Microsoft this week will ship the second beta versions of its Windows NT 4.0 Workstation and Server operating systems, more than six weeks later than the company's original rollout plan.
Sources close to Microsoft says that NT beta testers were dissatisfied by instabilities that showed up when developers added new features to NT.
Microsoft has reworked the OS, and 200,000 beta testers will begin receiving NT later this week, according to Megan Bliss, Windows NT Workstation product manager.
Corporate users are watching the rollout of Windows NT closely, because many companies think NT 4.0 Workstation, and not Windows 95, will be the better enterprise client.
NT 4.0 Server adds several coveted features, including Peer Web Services, new Systems Policy software and Point to Point Tunneling.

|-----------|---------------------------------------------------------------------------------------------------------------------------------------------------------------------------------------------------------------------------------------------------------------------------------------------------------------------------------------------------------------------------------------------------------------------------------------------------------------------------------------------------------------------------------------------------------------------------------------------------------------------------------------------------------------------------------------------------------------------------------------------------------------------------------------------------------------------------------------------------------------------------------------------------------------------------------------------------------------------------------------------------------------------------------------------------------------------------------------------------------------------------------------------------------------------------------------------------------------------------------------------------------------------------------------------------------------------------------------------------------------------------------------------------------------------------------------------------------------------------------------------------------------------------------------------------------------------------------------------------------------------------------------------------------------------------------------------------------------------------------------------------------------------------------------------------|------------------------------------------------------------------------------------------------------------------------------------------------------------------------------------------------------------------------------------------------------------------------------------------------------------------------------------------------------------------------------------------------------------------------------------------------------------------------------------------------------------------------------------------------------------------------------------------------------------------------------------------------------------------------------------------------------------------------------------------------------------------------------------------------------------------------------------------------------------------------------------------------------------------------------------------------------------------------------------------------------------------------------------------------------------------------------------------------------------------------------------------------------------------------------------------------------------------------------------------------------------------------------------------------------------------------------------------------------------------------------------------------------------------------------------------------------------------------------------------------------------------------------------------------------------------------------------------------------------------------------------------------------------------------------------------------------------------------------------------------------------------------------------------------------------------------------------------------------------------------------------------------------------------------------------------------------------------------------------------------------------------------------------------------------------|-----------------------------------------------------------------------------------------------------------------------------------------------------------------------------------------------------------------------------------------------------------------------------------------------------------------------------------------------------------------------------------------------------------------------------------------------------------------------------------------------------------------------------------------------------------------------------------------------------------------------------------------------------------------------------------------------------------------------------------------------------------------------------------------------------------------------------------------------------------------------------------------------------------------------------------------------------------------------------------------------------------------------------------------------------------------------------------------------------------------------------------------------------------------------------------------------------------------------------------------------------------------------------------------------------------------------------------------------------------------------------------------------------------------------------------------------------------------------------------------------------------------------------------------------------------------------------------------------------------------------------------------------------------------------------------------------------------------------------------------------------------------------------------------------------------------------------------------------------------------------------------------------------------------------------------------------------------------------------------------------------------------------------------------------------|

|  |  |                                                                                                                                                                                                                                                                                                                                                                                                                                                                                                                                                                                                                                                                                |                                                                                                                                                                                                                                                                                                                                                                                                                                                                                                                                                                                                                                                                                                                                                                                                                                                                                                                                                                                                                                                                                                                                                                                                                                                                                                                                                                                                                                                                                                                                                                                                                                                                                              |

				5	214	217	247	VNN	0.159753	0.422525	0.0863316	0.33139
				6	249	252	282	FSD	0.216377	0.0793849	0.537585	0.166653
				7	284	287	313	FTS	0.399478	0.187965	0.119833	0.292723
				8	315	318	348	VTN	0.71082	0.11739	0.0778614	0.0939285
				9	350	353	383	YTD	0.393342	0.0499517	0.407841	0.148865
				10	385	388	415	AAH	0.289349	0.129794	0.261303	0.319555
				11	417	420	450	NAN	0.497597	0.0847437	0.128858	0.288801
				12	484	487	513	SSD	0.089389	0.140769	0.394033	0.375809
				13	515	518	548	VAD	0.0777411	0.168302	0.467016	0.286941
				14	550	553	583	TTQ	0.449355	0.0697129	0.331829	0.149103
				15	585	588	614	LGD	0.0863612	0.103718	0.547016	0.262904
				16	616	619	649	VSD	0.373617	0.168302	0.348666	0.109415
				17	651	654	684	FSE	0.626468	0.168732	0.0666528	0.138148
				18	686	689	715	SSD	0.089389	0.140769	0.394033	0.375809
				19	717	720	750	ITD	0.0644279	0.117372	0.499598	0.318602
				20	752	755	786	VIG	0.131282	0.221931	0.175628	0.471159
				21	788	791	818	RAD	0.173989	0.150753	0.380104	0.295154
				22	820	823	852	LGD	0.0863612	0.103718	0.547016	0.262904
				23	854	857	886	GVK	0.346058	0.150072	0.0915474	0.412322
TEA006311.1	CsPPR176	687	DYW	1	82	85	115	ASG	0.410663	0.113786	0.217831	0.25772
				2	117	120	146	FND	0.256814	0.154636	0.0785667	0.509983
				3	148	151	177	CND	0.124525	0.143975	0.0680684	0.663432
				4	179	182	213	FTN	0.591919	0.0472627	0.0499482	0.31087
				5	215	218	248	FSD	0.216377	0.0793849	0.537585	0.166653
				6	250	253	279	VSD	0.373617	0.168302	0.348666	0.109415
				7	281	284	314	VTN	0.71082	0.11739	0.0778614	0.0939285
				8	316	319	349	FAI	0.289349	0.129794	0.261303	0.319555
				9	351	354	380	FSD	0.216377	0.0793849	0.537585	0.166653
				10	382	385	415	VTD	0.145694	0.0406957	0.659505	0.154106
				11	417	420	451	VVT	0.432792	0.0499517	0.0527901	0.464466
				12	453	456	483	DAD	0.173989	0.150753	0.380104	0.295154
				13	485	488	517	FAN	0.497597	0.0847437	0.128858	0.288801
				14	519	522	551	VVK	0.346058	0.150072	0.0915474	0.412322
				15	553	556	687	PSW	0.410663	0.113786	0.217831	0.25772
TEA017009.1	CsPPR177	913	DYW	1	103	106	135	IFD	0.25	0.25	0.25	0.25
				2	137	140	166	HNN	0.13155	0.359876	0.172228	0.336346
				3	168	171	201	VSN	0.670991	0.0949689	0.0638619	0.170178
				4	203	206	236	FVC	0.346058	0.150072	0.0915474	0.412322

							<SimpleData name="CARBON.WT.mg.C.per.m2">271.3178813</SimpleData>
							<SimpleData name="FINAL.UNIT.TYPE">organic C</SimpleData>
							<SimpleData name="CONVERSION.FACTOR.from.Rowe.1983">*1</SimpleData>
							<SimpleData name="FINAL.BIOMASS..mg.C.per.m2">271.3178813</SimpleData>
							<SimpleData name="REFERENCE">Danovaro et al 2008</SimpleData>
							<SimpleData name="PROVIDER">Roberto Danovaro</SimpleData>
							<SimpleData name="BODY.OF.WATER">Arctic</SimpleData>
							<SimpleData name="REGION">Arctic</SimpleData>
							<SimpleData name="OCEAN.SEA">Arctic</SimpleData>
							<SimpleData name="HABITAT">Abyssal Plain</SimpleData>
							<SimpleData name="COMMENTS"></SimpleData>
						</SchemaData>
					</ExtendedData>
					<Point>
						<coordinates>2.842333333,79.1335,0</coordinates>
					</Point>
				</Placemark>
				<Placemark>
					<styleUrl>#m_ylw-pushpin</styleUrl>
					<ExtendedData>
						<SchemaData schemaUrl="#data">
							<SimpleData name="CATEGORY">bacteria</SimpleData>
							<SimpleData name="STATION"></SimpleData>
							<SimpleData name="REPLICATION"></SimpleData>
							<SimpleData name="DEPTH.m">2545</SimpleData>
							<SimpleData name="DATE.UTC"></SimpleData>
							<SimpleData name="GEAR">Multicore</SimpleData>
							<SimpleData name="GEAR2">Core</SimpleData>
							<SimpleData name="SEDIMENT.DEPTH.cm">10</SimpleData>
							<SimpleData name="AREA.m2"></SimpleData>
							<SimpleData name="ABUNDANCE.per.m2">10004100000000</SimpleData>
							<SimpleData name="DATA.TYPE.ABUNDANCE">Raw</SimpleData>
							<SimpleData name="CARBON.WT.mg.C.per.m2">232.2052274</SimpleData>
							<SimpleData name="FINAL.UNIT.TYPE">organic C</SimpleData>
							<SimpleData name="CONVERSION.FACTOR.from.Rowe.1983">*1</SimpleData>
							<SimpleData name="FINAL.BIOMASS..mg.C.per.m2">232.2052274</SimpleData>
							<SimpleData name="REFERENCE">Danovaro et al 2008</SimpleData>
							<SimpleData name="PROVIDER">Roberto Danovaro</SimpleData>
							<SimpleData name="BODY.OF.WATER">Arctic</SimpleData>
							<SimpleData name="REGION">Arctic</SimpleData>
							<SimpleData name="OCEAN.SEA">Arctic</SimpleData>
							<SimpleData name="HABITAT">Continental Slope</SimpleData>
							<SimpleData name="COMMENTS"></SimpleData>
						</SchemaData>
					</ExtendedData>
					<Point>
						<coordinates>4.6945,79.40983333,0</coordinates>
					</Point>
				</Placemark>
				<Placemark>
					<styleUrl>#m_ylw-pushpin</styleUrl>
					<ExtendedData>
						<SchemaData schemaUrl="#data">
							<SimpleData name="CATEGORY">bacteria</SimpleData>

Both versions of NT 4.0 will, for the first time, include Distributed COM (formerly Network OLE), Microsoft's long-anticipated architecture for distributed computing.
Even though the rollout is behind schedule, Microsoft officials insist they will make their late-US summer release date.
Analysts are giving Microsoft the benefit of the doubt.
"I do think it's a realistic promise," says Dwight Davis, editor of Windows Watcher, in Redmond, Washington. "NT 4.0 seems to be shaping up to follow Win95's rollout schedule. You'll recall that this time last year there were reservations about getting Win95 out in time for summer, but they made it."
Microsoft has not decided on pricing for NT 4.0 Workstation and Server, but officials say they do not anticipate any radical price changes from the current versions.
Windows NT 4.0, Beta 2
New features in NT Workstation
-- Distributed COM
-- Systems Policy software
-- Crypto APIs
-- Peer Web Services
-- Direct Draw
-- Direct Sound
Additional new features in NT Server
-- Point to Point Tunneling
-- Remote Access Server auto-dial and multilink